A map scale correctly reduces the actual distance on the ground to a corresponding distance on a map. Printing the scale on the map means the reader can work out the accurate distance between two points.
There is a standard ratio format for map scales e.g. “1: 25,000”. The first number is the unit on the map and the second number is the distance in real life of the same unit so 1: 25,000 means that 1cm on the map corresponds to 25,000 cm on the ground.
A distance of 25,000 cm is hard to visualise. Often a map scale will have an additional written scale giving a map unit and a real life unit – i.e. it converts one unit of measurement to another. For example, a UK Ordinance Survey (OS) map reads: “1:25,000 scale, 4cm to 1km”. The first scale corresponds to 25,000 cm on the ground as before. But the second ‘written scale’ of ‘4 cm to 1 km’ makes it easier to convert as 4 cm on the map represents 1km on the ground. Our Huge Geological Map of the World is a 1:22,000,000 scale. This means that 2.5 cm is equal to 500 km.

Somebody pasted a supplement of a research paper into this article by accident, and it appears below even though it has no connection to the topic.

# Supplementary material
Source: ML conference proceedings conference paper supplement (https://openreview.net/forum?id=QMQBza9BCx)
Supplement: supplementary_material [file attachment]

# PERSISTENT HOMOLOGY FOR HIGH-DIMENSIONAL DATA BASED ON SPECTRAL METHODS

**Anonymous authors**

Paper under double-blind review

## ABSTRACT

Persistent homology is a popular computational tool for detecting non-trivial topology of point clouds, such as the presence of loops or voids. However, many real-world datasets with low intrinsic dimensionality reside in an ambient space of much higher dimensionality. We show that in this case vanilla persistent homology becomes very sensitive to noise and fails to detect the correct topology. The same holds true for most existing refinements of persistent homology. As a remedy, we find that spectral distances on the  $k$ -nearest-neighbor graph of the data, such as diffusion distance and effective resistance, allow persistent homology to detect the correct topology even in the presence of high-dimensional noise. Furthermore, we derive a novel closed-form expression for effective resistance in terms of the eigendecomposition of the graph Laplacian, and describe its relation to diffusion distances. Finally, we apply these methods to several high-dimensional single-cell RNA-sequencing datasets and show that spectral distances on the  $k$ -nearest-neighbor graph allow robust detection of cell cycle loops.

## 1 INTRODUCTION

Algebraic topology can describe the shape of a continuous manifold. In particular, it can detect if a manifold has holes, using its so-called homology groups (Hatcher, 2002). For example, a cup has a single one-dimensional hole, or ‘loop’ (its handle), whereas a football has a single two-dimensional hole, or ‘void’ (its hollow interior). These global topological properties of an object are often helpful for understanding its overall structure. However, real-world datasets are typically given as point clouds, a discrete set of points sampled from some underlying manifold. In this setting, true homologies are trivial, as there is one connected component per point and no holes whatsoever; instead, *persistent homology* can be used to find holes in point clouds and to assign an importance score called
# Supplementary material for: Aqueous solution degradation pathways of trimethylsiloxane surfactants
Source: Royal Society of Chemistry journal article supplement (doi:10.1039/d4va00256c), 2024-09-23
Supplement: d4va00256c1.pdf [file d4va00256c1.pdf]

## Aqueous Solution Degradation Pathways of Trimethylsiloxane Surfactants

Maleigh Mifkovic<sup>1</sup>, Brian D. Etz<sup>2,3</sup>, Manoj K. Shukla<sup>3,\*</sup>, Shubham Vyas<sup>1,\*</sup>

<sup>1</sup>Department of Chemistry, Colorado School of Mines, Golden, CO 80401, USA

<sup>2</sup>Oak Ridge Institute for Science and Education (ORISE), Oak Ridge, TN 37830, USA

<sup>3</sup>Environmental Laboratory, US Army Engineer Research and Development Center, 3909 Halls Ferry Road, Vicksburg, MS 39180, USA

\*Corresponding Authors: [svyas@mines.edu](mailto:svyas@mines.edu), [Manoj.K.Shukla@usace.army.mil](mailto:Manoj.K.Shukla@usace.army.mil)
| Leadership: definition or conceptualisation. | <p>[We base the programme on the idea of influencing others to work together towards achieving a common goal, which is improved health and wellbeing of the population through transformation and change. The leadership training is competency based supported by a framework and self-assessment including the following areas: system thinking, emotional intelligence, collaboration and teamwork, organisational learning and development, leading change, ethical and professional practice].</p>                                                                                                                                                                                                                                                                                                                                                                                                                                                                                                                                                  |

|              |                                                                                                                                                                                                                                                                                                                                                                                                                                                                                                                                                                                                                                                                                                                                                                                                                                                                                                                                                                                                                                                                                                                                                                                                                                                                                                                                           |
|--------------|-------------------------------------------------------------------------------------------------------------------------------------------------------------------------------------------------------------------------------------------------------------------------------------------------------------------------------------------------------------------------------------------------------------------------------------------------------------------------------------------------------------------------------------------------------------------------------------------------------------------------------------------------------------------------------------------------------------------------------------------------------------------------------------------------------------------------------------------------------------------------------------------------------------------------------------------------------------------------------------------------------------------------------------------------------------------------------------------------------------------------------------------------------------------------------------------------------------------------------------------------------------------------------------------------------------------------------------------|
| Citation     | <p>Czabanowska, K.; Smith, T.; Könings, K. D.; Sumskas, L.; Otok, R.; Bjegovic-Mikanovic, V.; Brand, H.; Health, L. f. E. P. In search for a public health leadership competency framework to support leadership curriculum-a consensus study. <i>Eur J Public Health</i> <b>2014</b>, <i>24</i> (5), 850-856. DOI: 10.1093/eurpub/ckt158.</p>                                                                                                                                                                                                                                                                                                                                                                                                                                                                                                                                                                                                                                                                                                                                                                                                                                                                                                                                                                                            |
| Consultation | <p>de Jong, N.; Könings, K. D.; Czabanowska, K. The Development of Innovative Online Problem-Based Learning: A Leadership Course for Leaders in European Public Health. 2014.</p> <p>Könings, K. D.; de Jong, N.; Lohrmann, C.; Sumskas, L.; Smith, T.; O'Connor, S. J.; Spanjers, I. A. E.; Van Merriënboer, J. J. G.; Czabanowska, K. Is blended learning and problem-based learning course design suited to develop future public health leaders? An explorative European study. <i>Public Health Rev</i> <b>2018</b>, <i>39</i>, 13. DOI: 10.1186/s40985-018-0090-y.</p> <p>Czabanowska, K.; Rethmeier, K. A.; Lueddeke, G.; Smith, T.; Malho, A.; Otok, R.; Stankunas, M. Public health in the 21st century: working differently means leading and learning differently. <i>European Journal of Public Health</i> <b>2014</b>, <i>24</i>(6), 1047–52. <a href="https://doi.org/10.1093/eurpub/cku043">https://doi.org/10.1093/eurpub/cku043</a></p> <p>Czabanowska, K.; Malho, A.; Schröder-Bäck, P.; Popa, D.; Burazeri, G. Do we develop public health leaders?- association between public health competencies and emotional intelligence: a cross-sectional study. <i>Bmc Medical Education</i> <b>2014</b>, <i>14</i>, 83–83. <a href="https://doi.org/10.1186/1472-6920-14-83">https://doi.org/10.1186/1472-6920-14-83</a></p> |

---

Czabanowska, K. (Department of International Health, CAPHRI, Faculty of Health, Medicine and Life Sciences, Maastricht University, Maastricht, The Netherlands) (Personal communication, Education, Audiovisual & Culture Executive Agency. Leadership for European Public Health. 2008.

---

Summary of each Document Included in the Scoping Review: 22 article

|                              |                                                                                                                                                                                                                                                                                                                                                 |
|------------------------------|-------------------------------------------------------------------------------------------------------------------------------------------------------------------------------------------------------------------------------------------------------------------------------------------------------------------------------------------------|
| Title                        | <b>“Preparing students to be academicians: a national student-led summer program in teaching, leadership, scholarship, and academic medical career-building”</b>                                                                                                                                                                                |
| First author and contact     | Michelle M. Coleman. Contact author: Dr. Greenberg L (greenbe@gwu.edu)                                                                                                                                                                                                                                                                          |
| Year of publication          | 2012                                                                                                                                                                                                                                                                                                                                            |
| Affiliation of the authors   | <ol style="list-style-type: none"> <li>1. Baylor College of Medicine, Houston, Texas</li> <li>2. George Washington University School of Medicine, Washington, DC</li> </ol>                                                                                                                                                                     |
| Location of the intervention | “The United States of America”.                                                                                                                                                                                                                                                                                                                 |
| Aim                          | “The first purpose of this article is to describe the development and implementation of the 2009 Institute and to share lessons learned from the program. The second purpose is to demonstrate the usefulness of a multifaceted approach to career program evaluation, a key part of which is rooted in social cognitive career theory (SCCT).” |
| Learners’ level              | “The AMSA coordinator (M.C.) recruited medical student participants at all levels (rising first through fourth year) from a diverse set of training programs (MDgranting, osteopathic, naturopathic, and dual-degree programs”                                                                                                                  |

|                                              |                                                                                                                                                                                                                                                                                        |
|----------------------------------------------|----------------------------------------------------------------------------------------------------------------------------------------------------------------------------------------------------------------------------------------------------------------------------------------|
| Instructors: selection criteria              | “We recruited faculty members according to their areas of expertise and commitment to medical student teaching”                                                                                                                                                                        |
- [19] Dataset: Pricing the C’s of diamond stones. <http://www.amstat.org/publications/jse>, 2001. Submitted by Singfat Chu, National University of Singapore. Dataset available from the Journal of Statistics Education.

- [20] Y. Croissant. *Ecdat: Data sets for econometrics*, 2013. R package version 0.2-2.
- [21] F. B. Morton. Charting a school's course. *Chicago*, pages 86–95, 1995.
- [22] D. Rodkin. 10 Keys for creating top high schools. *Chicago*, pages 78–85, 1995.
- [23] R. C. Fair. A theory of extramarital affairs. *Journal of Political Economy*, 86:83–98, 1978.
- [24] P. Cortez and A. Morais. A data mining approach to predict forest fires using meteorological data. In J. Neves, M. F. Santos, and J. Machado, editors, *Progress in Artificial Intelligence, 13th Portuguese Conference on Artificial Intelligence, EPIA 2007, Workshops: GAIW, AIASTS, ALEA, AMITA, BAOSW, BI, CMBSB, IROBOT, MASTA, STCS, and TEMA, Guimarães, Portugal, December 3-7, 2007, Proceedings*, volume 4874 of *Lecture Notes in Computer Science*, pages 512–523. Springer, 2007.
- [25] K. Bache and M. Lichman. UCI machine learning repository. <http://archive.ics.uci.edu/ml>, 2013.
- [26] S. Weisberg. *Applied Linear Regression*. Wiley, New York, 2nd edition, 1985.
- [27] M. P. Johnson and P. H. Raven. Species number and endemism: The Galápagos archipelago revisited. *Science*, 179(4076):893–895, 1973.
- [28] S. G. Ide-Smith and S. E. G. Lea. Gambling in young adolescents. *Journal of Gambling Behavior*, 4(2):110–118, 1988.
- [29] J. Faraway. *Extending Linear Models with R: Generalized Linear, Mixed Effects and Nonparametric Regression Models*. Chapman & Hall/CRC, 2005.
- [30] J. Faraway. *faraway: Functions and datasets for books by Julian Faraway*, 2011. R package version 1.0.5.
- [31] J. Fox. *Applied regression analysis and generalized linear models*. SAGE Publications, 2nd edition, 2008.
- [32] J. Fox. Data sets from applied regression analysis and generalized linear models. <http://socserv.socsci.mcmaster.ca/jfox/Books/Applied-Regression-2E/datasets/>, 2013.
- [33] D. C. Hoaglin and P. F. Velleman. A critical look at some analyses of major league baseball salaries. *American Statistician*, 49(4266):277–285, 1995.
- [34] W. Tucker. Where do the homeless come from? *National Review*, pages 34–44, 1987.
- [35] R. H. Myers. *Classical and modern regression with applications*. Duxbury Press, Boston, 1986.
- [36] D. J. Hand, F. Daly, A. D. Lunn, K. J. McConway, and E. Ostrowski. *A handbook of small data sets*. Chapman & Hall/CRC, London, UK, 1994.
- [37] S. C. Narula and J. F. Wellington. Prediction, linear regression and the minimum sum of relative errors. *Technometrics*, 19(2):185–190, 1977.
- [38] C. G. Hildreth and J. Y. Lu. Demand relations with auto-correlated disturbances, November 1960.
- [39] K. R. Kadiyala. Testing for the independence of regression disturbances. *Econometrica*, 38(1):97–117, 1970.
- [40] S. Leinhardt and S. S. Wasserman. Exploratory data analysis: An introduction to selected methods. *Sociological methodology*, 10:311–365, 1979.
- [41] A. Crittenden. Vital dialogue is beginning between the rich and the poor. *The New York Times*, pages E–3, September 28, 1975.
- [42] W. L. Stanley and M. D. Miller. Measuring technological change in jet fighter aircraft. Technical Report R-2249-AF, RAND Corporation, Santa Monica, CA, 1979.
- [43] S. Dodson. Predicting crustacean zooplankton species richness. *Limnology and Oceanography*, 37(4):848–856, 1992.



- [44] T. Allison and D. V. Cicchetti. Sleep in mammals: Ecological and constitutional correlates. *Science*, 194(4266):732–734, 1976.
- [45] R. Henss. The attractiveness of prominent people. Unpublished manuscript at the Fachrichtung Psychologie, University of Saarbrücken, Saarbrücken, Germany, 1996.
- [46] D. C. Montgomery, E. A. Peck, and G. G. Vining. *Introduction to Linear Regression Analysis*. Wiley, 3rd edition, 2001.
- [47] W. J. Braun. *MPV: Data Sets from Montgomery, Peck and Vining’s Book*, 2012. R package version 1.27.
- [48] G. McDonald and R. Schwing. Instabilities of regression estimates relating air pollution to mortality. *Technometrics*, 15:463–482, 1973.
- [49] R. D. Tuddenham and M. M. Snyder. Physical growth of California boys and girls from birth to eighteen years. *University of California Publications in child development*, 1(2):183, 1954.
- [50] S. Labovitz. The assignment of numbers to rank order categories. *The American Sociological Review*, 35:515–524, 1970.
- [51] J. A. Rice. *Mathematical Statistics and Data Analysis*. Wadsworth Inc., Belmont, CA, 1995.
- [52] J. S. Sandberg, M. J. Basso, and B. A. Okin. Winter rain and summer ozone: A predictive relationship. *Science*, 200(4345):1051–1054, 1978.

Putting a large area on a map, e.g. a world map, requires a small scale - this converts a large area into a small map. Our original map, the Future Map, is a 1:40,000,000 scale. The area shown here is around 15cm, so this image shows approximately 3,750km.
Putting a smaller area on a map, e.g. a street area of London, requires a larger scale to show more detail. Our London City Map is a 1:30,000 scale, meaning the 2.5km journey from Greenwich Park to the O2 fits into the same 15cm area.
Most maps include a graphic scale bar, which has two functions – to enable the reader to easily visualise distances on the map; and when enlarging or shrinking the map, the graphic scale remains true.